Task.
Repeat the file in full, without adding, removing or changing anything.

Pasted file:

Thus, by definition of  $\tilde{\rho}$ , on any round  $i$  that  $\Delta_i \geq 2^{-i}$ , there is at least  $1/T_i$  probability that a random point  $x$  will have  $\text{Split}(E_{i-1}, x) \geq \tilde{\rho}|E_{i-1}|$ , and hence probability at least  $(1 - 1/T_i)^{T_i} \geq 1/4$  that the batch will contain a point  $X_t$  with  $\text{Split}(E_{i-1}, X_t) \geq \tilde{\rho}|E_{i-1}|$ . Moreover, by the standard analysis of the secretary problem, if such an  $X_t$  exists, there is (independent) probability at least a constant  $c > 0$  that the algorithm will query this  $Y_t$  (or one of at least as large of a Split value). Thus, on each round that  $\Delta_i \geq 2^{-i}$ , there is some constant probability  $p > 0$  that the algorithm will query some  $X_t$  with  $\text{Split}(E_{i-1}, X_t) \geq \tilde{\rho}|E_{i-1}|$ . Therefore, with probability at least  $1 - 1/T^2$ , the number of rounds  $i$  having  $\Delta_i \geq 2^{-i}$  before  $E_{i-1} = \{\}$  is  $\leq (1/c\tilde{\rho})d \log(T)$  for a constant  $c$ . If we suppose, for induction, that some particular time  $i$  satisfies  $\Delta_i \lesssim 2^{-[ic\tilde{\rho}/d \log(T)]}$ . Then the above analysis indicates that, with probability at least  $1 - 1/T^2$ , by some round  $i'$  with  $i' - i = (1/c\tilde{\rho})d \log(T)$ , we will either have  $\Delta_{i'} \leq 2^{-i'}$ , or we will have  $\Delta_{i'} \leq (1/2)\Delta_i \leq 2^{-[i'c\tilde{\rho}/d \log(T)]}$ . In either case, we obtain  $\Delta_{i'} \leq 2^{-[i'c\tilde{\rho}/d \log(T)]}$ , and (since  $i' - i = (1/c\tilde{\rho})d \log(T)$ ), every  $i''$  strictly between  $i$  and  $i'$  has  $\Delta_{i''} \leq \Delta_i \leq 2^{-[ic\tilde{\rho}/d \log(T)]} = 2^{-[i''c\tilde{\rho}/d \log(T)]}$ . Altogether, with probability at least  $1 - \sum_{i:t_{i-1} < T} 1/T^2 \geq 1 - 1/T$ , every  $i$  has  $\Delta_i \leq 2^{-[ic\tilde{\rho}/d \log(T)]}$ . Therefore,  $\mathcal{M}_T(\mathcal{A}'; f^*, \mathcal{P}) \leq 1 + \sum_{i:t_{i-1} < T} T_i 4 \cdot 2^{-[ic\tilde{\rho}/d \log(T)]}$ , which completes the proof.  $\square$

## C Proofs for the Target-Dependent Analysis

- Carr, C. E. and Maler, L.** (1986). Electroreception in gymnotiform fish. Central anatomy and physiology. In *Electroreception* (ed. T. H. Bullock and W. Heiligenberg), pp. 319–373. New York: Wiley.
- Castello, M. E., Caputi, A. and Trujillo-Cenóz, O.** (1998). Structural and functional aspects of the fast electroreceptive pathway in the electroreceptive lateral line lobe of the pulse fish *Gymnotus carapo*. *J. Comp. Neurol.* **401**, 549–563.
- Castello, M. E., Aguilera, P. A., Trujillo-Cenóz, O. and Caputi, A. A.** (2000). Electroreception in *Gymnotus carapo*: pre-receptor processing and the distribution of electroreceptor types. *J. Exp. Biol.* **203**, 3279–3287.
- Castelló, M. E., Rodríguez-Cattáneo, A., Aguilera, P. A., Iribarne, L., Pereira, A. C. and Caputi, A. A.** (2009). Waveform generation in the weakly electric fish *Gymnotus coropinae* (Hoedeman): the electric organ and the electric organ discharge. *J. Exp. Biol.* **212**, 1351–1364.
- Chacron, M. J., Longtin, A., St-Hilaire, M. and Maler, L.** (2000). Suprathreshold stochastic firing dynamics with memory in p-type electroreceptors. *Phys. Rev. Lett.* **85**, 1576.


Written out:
Thus, by definition of  $\tilde{\rho}$ , on any round  $i$  that  $\Delta_i \geq 2^{-i}$ , there is at least  $1/T_i$  probability that a random point  $x$  will have  $\text{Split}(E_{i-1}, x) \geq \tilde{\rho}|E_{i-1}|$ , and hence probability at least  $(1 - 1/T_i)^{T_i} \geq 1/4$  that the batch will contain a point  $X_t$  with  $\text{Split}(E_{i-1}, X_t) \geq \tilde{\rho}|E_{i-1}|$ . Moreover, by the standard analysis of the secretary problem, if such an  $X_t$  exists, there is (independent) probability at least a constant  $c > 0$  that the algorithm will query this  $Y_t$  (or one of at least as large of a Split value). Thus, on each round that  $\Delta_i \geq 2^{-i}$ , there is some constant probability  $p > 0$  that the algorithm will query some  $X_t$  with  $\text{Split}(E_{i-1}, X_t) \geq \tilde{\rho}|E_{i-1}|$ . Therefore, with probability at least  $1 - 1/T^2$ , the number of rounds  $i$  having  $\Delta_i \geq 2^{-i}$  before  $E_{i-1} = \{\}$  is  $\leq (1/c\tilde{\rho})d \log(T)$  for a constant  $c$ . If we suppose, for induction, that some particular time  $i$  satisfies  $\Delta_i \lesssim 2^{-[ic\tilde{\rho}/d \log(T)]}$ . Then the above analysis indicates that, with probability at least  $1 - 1/T^2$ , by some round  $i'$  with  $i' - i = (1/c\tilde{\rho})d \log(T)$ , we will either have  $\Delta_{i'} \leq 2^{-i'}$ , or we will have  $\Delta_{i'} \leq (1/2)\Delta_i \leq 2^{-[i'c\tilde{\rho}/d \log(T)]}$ . In either case, we obtain  $\Delta_{i'} \leq 2^{-[i'c\tilde{\rho}/d \log(T)]}$ , and (since  $i' - i = (1/c\tilde{\rho})d \log(T)$ ), every  $i''$  strictly between  $i$  and  $i'$  has  $\Delta_{i''} \leq \Delta_i \leq 2^{-[ic\tilde{\rho}/d \log(T)]} = 2^{-[i''c\tilde{\rho}/d \log(T)]}$ . Altogether, with probability at least  $1 - \sum_{i:t_{i-1} < T} 1/T^2 \geq 1 - 1/T$ , every  $i$  has  $\Delta_i \leq 2^{-[ic\tilde{\rho}/d \log(T)]}$ . Therefore,  $\mathcal{M}_T(\mathcal{A}'; f^*, \mathcal{P}) \leq 1 + \sum_{i:t_{i-1} < T} T_i 4 \cdot 2^{-[ic\tilde{\rho}/d \log(T)]}$ , which completes the proof.  $\square$

## C Proofs for the Target-Dependent Analysis

- Carr, C. E. and Maler, L.** (1986). Electroreception in gymnotiform fish. Central anatomy and physiology. In *Electroreception* (ed. T. H. Bullock and W. Heiligenberg), pp. 319–373. New York: Wiley.
- Castello, M. E., Caputi, A. and Trujillo-Cenóz, O.** (1998). Structural and functional aspects of the fast electroreceptive pathway in the electroreceptive lateral line lobe of the pulse fish *Gymnotus carapo*. *J. Comp. Neurol.* **401**, 549–563.
- Castello, M. E., Aguilera, P. A., Trujillo-Cenóz, O. and Caputi, A. A.** (2000). Electroreception in *Gymnotus carapo*: pre-receptor processing and the distribution of electroreceptor types. *J. Exp. Biol.* **203**, 3279–3287.
- Castelló, M. E., Rodríguez-Cattáneo, A., Aguilera, P. A., Iribarne, L., Pereira, A. C. and Caputi, A. A.** (2009). Waveform generation in the weakly electric fish *Gymnotus coropinae* (Hoedeman): the electric organ and the electric organ discharge. *J. Exp. Biol.* **212**, 1351–1364.
- Chacron, M. J., Longtin, A., St-Hilaire, M. and Maler, L.** (2000). Suprathreshold stochastic firing dynamics with memory in p-type electroreceptors. *Phys. Rev. Lett.* **85**, 1576.